Dean Li kicks off Merck's post-Roger Perlmutter era by teaming with Artiva and its off-the-shelf CAR-NK tech
Even though Dean Li has now officially taken over for Roger Perlmutter as R&D chief, Merck’s appetite for dealmaking continues to be ravenous.
Li struck his first big deal at the helm Thursday morning, hammering out a collaboration with Artiva Biotherapeutics that could earn the biotech nearly $1.9 billion when all is said and done. It’s a quick rise and validation for Artiva, which just last June launched with a $78 million Series A.
The agreement focuses on Artiva’s off-the-shelf CAR-NK cell manufacturing platform, with Merck choosing two solid tumor targets for the biotech to tackle. There’s also an option for a third program. Artiva will get $30 million upfront for the first two candidates and another $15 million should the option be exercised.
And the milestones? Artiva can earn up to $612 million for each program, bringing the total potential payout to $1.881 billion.
Artiva’s big idea centers around trying to upscale production of NK cell therapies so they can be more widely available in places like outpatient and community settings. The biotech arose through a partnership with the South Korean biotech Green Cross LabCell, which had built a natural killer cell factory but hadn’t yet developed any drugs outside the country.
By owning the manufacturing process, Artiva is looking to create therapies with the efficacy of the more prominent CAR-Ts but few, if any, of the liabilities, CEO Fred Aslan said. One of CAR-NK cell therapy’s benefits over CAR-T is that, unlike the T cells, NK cells can be delivered to patients who aren’t the donor. With CAR-Ts, physicians can take cells out of a patient but only place them back into that same individual after they’ve been re-engineered.
Thanks in part to the work done over the last 10 years by Green Cross, Artiva can not only develop NK cell therapies, but preserve, freeze and ship them without the loss of quality. When used in an outpatient setting, for example, physicians need only to thaw the IV bags to prepare them for patients.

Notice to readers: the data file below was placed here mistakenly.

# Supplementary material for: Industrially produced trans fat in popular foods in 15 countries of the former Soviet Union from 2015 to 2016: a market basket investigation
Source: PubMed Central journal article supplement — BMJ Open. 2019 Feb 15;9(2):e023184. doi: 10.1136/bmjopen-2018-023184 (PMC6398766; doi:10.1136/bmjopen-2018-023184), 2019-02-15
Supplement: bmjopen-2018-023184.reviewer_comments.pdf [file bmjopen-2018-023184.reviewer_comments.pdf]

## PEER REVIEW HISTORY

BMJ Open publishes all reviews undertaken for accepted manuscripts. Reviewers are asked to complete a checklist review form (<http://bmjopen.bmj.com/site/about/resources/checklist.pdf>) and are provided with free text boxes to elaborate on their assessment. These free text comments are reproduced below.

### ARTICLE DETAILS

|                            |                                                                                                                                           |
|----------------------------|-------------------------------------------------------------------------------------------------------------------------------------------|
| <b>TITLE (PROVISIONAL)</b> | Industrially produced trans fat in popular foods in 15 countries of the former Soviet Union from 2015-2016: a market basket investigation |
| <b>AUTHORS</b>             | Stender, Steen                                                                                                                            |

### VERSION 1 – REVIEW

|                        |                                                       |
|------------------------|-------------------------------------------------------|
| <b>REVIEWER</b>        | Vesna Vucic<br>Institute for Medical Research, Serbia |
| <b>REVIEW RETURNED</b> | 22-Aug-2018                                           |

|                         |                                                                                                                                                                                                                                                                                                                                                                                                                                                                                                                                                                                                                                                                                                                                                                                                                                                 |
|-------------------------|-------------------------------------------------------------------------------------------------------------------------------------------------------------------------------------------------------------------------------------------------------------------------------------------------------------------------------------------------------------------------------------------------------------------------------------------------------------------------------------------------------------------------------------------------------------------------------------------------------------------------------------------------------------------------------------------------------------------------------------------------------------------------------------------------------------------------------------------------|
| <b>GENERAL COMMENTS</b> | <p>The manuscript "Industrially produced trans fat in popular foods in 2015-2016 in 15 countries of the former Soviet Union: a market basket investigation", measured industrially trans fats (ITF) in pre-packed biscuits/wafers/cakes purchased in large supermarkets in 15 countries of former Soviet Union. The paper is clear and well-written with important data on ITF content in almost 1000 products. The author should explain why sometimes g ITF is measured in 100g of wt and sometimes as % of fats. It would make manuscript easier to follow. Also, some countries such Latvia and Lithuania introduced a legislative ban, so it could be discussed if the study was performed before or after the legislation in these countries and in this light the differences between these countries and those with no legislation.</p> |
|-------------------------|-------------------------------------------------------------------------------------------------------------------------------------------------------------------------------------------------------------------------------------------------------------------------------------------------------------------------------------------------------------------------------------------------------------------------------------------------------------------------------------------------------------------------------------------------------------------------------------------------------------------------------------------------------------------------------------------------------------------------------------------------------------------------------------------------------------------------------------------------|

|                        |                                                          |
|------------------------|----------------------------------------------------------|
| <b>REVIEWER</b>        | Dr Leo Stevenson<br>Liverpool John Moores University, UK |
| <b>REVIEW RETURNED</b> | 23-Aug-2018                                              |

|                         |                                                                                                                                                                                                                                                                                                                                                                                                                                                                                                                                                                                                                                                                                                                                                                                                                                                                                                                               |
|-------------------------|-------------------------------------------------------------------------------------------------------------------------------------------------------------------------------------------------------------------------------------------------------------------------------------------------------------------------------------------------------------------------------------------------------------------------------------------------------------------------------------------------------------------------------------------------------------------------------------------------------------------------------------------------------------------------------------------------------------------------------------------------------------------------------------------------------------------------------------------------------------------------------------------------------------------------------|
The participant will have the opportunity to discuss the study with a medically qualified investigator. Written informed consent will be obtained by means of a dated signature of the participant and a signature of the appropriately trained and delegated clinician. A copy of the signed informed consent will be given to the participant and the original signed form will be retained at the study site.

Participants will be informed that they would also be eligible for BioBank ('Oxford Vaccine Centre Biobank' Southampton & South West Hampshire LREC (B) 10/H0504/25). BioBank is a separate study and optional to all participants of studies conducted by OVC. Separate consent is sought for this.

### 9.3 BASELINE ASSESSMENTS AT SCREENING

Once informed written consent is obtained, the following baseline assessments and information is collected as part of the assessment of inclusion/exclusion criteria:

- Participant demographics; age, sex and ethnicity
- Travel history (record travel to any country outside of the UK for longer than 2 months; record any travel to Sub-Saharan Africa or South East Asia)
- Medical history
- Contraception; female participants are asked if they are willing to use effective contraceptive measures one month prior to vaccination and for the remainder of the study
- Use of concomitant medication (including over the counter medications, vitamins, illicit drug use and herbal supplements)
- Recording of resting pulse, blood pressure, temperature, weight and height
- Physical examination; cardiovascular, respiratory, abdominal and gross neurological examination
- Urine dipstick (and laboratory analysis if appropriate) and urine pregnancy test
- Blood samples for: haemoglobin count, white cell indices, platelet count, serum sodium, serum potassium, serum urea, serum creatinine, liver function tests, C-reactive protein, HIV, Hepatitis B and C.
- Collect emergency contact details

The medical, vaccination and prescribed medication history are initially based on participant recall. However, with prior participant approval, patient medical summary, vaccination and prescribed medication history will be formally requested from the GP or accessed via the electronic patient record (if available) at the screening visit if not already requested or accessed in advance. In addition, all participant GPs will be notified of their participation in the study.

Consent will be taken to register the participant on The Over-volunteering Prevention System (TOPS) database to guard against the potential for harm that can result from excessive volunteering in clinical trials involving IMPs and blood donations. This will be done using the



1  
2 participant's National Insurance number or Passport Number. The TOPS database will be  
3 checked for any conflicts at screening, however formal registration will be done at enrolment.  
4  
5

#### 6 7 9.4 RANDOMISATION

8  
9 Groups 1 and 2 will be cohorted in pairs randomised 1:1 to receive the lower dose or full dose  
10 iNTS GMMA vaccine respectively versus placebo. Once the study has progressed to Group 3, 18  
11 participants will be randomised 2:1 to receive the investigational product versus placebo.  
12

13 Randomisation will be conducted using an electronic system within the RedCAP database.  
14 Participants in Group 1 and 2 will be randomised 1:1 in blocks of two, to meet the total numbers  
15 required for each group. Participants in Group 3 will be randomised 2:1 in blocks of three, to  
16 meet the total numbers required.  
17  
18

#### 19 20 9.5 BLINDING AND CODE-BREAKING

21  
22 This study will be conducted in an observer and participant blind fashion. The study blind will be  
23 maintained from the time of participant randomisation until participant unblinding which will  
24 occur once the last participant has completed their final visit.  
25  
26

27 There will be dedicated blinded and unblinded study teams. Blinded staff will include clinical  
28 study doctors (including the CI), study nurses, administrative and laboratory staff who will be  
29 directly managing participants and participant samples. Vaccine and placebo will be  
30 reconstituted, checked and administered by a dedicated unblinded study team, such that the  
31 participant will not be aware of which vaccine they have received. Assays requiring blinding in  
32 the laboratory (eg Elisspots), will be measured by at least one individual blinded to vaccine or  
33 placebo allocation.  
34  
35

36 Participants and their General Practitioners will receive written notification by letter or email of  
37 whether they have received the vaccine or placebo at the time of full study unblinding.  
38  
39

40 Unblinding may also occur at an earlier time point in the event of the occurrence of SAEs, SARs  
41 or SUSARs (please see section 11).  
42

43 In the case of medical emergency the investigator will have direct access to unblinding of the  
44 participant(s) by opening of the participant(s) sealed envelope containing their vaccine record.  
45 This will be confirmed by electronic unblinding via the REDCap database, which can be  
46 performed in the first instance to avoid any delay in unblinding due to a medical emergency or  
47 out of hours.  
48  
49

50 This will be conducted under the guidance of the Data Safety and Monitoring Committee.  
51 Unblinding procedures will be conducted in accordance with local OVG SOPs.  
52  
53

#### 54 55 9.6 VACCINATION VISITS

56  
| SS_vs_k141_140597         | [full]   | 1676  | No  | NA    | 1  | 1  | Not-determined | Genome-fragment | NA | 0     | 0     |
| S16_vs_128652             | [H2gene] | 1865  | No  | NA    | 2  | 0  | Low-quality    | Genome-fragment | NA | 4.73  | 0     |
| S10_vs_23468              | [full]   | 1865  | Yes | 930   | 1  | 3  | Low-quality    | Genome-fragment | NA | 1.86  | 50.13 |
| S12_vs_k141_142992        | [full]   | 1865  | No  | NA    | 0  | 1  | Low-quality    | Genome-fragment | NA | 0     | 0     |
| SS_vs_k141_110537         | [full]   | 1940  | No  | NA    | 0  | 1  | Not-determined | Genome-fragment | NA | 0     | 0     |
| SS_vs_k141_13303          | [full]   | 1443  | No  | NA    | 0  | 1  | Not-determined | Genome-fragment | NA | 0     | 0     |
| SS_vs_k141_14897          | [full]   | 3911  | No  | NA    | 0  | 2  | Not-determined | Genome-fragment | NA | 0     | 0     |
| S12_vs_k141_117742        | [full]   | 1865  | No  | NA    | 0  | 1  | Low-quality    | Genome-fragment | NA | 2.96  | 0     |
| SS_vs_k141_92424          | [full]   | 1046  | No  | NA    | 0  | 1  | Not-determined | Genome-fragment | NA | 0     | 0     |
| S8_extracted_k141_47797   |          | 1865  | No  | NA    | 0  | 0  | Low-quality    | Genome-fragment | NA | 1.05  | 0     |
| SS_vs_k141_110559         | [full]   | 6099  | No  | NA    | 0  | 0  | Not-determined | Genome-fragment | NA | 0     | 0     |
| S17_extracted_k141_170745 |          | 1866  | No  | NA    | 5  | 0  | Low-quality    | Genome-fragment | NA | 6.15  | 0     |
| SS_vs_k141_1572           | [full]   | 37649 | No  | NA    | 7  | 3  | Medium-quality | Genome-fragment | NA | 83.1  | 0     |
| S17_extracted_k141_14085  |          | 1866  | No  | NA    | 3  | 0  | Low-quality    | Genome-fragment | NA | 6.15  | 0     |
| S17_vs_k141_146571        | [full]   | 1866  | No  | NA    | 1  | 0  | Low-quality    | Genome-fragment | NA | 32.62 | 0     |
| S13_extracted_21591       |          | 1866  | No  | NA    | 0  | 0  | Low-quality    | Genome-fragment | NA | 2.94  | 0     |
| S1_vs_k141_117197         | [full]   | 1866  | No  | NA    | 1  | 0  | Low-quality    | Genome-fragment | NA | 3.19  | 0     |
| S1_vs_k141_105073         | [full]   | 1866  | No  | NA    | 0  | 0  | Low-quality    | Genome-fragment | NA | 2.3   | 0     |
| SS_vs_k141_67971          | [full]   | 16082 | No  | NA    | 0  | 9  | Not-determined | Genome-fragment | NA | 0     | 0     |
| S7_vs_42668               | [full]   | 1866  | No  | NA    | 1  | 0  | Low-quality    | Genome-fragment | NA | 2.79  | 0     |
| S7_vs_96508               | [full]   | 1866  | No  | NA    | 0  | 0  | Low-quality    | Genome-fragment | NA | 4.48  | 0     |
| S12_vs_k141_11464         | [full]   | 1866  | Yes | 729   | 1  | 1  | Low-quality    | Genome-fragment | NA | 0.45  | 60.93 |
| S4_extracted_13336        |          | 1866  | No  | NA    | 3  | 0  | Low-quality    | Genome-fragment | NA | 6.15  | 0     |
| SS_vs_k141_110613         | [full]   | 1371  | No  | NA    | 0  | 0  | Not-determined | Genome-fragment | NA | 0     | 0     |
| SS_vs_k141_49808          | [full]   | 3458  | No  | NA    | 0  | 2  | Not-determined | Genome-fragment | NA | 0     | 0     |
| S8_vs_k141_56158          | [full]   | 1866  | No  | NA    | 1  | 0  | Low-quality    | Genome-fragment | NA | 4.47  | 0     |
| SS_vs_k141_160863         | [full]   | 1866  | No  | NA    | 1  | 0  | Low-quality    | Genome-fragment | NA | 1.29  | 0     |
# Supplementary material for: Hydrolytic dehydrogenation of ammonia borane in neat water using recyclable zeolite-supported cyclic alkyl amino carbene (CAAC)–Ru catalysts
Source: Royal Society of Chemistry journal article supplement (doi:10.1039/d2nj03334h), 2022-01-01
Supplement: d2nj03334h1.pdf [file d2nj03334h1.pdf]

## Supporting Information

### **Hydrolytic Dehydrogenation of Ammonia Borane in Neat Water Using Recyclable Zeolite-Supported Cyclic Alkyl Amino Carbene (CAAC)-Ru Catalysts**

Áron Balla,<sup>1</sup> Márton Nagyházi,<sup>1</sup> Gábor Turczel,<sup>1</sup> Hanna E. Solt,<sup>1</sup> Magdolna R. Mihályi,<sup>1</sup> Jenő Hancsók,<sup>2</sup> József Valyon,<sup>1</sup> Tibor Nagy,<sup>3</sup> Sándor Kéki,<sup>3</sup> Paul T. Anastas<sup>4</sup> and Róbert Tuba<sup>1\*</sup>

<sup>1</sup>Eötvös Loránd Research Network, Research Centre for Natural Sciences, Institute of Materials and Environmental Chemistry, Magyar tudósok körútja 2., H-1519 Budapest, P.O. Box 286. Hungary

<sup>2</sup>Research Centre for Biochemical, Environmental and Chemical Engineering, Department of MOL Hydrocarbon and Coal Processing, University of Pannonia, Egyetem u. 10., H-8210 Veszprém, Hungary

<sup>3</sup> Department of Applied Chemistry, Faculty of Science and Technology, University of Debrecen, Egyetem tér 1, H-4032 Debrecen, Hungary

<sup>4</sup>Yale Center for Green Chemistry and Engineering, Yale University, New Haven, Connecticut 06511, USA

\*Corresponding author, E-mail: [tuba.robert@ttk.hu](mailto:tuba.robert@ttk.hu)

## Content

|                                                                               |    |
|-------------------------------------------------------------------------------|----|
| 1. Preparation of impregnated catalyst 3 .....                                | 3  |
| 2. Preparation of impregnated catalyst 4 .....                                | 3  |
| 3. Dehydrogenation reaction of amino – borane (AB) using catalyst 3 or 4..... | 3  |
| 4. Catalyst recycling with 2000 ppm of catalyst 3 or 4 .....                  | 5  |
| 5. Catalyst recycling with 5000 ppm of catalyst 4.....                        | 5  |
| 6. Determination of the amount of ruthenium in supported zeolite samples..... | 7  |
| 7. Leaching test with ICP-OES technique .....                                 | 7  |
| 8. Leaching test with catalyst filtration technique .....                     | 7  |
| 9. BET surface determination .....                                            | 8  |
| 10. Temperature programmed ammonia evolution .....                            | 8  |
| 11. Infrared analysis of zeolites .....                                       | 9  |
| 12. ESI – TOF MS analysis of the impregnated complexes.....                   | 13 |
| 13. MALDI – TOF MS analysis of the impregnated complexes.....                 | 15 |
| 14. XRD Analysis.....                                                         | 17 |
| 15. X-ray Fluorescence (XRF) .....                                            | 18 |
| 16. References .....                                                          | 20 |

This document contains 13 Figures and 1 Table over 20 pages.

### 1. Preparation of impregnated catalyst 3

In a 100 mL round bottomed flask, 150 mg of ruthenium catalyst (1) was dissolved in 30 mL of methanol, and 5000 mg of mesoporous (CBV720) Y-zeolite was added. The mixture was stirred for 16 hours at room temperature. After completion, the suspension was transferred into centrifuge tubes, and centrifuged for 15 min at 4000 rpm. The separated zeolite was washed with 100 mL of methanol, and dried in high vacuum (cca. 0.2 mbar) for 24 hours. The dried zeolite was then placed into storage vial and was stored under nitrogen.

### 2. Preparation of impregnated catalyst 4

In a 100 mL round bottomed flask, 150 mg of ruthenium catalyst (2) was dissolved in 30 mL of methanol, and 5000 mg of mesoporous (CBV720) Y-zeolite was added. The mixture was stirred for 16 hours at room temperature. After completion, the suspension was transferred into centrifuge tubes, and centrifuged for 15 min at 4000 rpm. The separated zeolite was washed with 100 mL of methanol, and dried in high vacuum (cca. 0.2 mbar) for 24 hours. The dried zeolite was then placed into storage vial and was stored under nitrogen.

That scalability is ultimately what attracted Merck and other Big Pharma companies in the first place, Aslan said. The fact that Artiva is already starting clinical trials on some in-house programs, using products that have been shipped while cryopreserved, is a sign the company is ready to take it to the next level, he added.
Most pharma companies have taken “a watchful, waiting approach until it’s clear that there’s a biologics business model available for cell therapy,” Aslan told Endpoints News. Artiva believes that’s exactly what they have, “because of our manufacturing first approach, and our ability to turn cell therapy into a biologics business model that pharma is used to.”
Merck and Artiva aren’t disclosing what Thursday’s targets are, only that they involve antigens that present on solid tumors and are completely separate from Artiva’s current candidates. Artiva will carry development through the first manufacturing campaign and IND studies, at which point Merck will take over responsibility.
Mum’s also the word on the timelines for these therapies, though COO Peter Flynn said they have a good idea how long development could take based on previous markers by the internal programs.